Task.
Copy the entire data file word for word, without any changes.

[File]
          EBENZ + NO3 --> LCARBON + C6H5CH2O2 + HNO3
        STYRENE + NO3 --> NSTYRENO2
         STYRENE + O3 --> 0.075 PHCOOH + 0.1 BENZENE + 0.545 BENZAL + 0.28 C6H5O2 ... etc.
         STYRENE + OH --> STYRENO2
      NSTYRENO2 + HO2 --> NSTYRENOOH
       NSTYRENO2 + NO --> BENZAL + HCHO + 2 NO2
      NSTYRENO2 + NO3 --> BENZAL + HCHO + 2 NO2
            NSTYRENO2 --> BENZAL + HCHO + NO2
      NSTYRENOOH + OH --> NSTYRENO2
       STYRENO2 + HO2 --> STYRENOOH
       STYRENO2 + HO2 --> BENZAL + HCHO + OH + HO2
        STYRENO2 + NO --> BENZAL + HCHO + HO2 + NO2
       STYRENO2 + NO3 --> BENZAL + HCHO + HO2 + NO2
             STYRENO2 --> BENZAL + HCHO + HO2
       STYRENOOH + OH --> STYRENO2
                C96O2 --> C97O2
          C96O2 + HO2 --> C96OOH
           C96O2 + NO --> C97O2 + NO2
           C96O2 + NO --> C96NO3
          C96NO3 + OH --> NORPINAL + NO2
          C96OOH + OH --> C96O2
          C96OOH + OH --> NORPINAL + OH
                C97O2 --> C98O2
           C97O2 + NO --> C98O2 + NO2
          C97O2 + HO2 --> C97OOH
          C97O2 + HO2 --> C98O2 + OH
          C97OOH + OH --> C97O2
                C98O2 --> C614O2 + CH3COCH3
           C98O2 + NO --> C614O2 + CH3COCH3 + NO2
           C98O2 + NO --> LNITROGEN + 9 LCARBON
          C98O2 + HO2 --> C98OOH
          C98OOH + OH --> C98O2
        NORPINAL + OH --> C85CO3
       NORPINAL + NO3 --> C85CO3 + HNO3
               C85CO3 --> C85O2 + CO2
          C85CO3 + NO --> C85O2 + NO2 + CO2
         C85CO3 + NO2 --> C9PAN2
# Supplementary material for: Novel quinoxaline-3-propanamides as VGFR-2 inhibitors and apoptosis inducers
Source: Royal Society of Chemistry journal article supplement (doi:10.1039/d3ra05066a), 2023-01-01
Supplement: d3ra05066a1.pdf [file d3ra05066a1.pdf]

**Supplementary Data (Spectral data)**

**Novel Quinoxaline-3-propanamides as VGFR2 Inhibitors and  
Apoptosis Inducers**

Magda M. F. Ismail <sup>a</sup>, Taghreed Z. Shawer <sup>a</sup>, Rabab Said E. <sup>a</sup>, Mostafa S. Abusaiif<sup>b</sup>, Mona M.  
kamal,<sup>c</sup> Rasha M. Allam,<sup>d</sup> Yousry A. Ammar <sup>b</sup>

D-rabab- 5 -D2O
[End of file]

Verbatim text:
          EBENZ + NO3 --> LCARBON + C6H5CH2O2 + HNO3
        STYRENE + NO3 --> NSTYRENO2
         STYRENE + O3 --> 0.075 PHCOOH + 0.1 BENZENE + 0.545 BENZAL + 0.28 C6H5O2 ... etc.
         STYRENE + OH --> STYRENO2
      NSTYRENO2 + HO2 --> NSTYRENOOH
       NSTYRENO2 + NO --> BENZAL + HCHO + 2 NO2
      NSTYRENO2 + NO3 --> BENZAL + HCHO + 2 NO2
            NSTYRENO2 --> BENZAL + HCHO + NO2
      NSTYRENOOH + OH --> NSTYRENO2
       STYRENO2 + HO2 --> STYRENOOH
       STYRENO2 + HO2 --> BENZAL + HCHO + OH + HO2
        STYRENO2 + NO --> BENZAL + HCHO + HO2 + NO2
       STYRENO2 + NO3 --> BENZAL + HCHO + HO2 + NO2
             STYRENO2 --> BENZAL + HCHO + HO2
       STYRENOOH + OH --> STYRENO2
                C96O2 --> C97O2
          C96O2 + HO2 --> C96OOH
           C96O2 + NO --> C97O2 + NO2
           C96O2 + NO --> C96NO3
          C96NO3 + OH --> NORPINAL + NO2
          C96OOH + OH --> C96O2
          C96OOH + OH --> NORPINAL + OH
                C97O2 --> C98O2
           C97O2 + NO --> C98O2 + NO2
          C97O2 + HO2 --> C97OOH
          C97O2 + HO2 --> C98O2 + OH
          C97OOH + OH --> C97O2
                C98O2 --> C614O2 + CH3COCH3
           C98O2 + NO --> C614O2 + CH3COCH3 + NO2
           C98O2 + NO --> LNITROGEN + 9 LCARBON
          C98O2 + HO2 --> C98OOH
          C98OOH + OH --> C98O2
        NORPINAL + OH --> C85CO3
       NORPINAL + NO3 --> C85CO3 + HNO3
               C85CO3 --> C85O2 + CO2
          C85CO3 + NO --> C85O2 + NO2 + CO2
         C85CO3 + NO2 --> C9PAN2
# Supplementary material for: Novel quinoxaline-3-propanamides as VGFR-2 inhibitors and apoptosis inducers
Source: Royal Society of Chemistry journal article supplement (doi:10.1039/d3ra05066a), 2023-01-01
Supplement: d3ra05066a1.pdf [file d3ra05066a1.pdf]

**Supplementary Data (Spectral data)**

**Novel Quinoxaline-3-propanamides as VGFR2 Inhibitors and  
Apoptosis Inducers**

Magda M. F. Ismail <sup>a</sup>, Taghreed Z. Shawer <sup>a</sup>, Rabab Said E. <sup>a</sup>, Mostafa S. Abusaiif<sup>b</sup>, Mona M.  
kamal,<sup>c</sup> Rasha M. Allam,<sup>d</sup> Yousry A. Ammar <sup>b</sup>

D-rabab- 5 -D2O